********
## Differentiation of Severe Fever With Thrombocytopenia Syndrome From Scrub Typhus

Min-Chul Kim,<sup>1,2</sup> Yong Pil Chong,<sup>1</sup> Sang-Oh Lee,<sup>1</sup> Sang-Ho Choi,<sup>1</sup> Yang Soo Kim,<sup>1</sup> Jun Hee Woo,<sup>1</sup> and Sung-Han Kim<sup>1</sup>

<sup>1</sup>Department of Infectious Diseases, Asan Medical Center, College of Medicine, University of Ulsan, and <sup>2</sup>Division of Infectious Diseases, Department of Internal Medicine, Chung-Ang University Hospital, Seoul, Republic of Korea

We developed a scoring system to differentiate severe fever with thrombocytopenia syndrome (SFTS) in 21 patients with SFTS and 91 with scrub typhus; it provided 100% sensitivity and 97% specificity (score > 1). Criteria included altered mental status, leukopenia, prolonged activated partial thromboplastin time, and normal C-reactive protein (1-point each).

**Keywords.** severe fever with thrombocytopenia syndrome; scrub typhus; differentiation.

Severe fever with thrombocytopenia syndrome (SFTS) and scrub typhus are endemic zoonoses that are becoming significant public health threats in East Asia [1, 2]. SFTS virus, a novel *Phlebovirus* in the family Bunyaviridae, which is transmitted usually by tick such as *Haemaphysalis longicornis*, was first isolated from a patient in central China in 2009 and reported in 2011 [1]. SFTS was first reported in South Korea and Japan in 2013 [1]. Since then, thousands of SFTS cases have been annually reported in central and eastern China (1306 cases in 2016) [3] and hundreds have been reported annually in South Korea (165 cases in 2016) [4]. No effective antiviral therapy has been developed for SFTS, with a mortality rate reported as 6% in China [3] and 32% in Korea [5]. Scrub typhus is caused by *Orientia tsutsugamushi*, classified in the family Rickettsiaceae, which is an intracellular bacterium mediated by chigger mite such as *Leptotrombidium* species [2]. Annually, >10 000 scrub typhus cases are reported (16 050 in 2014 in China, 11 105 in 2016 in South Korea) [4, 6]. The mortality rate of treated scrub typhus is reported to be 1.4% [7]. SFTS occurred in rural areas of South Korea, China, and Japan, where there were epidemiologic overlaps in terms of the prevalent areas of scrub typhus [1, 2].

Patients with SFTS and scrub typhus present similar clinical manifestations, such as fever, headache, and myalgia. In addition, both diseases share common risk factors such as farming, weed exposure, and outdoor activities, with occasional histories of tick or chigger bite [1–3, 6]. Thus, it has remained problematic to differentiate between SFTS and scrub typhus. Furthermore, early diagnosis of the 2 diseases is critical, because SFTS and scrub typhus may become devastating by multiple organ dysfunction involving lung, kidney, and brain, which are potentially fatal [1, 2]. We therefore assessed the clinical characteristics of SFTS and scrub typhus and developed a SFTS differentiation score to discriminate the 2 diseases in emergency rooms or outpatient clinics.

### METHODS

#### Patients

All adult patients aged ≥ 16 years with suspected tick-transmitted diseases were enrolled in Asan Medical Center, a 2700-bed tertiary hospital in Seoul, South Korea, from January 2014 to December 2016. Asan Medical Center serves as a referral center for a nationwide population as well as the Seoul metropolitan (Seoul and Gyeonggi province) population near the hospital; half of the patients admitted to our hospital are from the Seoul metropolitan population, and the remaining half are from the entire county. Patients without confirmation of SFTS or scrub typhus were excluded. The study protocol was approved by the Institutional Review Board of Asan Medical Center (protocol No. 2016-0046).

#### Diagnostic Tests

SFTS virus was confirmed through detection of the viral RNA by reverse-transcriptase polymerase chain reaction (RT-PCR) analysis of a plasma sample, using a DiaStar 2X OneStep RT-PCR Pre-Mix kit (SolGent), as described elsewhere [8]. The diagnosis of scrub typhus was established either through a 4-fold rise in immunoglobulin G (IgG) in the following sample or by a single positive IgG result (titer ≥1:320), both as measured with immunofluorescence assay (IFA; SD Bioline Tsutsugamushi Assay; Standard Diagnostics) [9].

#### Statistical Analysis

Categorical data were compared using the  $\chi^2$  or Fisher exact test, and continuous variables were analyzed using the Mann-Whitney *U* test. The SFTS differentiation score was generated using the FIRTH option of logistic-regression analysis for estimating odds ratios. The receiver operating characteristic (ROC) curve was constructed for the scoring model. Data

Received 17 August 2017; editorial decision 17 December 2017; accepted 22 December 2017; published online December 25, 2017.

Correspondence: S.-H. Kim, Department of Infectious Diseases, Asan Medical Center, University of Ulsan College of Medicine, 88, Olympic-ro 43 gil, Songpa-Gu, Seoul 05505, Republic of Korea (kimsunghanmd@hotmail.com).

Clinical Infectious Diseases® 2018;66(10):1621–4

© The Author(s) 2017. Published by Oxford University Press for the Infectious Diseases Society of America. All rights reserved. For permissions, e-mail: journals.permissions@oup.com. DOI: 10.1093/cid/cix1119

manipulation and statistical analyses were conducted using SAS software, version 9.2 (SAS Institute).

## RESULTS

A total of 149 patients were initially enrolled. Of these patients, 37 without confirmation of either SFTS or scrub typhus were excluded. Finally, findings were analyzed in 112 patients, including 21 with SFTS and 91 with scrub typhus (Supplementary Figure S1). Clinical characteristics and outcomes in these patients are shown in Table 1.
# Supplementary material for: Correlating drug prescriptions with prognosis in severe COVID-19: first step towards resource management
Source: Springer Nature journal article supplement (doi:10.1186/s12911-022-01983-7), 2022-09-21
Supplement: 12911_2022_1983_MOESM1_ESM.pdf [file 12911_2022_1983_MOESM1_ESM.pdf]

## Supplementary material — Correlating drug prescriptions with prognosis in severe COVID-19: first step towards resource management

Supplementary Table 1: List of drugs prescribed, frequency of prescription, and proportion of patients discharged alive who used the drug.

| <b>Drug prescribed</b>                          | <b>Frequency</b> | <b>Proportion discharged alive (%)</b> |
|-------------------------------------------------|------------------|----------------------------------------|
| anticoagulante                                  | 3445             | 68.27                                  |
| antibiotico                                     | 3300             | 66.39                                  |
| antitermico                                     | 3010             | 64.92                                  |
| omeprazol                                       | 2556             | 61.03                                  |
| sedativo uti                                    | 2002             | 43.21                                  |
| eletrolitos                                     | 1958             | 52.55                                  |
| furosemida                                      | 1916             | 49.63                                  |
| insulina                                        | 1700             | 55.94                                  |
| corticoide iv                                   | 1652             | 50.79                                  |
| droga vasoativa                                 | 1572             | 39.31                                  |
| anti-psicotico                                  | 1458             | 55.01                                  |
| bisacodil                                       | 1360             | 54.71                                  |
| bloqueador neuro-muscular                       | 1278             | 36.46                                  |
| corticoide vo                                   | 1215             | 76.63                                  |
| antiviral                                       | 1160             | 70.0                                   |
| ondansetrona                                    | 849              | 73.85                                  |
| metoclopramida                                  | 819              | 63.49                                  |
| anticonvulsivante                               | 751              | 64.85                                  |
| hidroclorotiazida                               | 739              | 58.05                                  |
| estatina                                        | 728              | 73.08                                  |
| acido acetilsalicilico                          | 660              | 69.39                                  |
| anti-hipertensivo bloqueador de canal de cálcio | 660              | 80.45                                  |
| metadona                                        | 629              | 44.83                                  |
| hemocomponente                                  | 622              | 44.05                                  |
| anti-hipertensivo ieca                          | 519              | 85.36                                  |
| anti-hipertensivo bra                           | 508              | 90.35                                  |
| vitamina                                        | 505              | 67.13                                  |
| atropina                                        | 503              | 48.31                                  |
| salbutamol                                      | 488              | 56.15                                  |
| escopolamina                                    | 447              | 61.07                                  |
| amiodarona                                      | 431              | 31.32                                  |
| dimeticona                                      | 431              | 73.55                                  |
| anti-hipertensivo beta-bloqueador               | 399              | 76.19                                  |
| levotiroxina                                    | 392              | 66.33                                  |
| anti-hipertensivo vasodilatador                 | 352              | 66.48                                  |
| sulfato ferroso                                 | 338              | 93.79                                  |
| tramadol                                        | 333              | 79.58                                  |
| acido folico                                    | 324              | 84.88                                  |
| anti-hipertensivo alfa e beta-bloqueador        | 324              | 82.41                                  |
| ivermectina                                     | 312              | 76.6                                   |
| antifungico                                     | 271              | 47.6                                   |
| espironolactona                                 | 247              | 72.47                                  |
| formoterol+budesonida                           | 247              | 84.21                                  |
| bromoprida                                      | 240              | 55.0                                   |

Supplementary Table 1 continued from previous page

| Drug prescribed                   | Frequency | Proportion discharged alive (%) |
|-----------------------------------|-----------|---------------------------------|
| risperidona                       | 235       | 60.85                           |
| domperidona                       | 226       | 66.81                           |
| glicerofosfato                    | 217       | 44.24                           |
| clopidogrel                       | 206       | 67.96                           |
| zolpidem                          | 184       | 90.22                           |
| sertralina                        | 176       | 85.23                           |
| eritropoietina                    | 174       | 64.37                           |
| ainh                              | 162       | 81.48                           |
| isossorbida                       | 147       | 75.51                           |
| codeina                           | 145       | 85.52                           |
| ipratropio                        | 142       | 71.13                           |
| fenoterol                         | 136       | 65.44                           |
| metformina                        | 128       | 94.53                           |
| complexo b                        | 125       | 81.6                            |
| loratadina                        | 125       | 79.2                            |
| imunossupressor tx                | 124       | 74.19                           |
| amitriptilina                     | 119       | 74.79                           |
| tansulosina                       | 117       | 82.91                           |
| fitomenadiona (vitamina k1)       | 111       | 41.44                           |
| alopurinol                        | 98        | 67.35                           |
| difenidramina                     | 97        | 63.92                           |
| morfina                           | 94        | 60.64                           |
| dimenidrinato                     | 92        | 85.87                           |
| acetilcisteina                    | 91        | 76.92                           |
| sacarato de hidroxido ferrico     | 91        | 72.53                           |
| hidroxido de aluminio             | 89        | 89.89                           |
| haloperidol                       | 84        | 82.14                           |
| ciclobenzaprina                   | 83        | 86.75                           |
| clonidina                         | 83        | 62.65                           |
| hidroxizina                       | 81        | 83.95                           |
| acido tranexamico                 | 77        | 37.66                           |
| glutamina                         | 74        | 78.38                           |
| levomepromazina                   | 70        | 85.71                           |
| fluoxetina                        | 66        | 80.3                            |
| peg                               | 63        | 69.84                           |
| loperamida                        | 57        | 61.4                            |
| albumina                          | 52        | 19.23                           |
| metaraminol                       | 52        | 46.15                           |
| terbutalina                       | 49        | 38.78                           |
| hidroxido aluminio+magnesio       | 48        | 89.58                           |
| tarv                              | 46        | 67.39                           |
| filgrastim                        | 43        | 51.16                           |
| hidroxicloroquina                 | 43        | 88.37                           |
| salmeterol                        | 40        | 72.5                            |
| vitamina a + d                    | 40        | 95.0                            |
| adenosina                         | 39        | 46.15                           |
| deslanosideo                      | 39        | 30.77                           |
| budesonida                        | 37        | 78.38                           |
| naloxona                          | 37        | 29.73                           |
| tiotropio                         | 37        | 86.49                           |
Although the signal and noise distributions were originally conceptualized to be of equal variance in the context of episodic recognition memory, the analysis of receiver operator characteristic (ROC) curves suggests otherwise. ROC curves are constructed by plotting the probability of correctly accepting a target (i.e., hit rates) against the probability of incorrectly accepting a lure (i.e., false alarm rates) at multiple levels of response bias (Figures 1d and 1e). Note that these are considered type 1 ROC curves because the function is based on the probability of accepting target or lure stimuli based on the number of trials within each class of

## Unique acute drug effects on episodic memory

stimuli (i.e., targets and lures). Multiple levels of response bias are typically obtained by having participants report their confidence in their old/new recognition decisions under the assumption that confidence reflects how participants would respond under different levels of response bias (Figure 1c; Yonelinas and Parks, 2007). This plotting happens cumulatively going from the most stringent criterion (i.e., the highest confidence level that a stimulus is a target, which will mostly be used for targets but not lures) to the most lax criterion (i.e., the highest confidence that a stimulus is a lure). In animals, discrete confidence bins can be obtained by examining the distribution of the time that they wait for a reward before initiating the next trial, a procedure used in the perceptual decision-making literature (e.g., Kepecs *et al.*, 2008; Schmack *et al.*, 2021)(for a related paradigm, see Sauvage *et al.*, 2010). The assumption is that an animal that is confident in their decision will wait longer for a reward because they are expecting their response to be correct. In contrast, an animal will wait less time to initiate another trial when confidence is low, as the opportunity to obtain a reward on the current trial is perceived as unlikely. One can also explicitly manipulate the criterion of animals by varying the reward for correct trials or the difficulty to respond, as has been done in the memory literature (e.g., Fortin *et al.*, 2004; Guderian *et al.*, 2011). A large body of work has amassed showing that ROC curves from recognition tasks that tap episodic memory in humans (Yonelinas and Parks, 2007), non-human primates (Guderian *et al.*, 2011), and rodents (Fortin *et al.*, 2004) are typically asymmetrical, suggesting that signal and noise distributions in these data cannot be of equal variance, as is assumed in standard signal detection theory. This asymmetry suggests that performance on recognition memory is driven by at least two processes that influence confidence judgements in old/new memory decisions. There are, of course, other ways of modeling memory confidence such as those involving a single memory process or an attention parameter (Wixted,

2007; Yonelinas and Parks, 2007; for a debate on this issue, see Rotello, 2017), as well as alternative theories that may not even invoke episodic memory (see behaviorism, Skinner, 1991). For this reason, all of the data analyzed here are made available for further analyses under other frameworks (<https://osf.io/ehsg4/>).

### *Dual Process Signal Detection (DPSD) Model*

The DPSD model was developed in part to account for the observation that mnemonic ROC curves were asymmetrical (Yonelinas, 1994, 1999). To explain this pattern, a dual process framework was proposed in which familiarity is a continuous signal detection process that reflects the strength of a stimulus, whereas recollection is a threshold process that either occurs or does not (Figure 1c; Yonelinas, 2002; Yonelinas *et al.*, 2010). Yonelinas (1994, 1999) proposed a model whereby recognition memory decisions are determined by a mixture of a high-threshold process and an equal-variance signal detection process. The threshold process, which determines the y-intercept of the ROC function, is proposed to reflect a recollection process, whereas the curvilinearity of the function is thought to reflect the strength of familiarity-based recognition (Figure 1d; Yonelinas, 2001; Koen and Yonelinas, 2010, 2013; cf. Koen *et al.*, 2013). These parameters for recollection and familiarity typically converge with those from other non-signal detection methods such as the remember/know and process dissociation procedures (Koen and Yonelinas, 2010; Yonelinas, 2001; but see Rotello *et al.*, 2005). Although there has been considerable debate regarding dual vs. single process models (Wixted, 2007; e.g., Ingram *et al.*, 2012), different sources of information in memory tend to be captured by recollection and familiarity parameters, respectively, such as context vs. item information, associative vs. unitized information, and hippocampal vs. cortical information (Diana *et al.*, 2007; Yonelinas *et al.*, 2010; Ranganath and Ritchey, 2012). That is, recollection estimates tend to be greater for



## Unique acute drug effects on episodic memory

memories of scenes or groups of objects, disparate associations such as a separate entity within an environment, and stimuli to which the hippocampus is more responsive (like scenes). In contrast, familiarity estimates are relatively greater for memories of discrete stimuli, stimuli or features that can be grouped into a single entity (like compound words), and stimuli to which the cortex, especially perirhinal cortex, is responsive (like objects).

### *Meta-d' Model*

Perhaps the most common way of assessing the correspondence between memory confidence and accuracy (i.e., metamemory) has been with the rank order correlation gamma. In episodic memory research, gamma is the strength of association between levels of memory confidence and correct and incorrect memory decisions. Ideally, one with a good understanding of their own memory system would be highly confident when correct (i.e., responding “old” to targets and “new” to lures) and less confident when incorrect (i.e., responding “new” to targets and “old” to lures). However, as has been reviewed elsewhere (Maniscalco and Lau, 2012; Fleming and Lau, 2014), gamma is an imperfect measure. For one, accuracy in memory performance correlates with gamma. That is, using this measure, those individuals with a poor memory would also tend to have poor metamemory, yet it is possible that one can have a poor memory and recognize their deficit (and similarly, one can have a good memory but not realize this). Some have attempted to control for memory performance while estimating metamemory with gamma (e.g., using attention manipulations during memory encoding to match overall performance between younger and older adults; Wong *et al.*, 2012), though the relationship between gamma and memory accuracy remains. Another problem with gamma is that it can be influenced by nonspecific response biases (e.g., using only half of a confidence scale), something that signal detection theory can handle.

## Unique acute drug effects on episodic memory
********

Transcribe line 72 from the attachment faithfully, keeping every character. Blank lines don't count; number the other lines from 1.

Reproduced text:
| bromoprida                                      | 240              | 55.0                                   |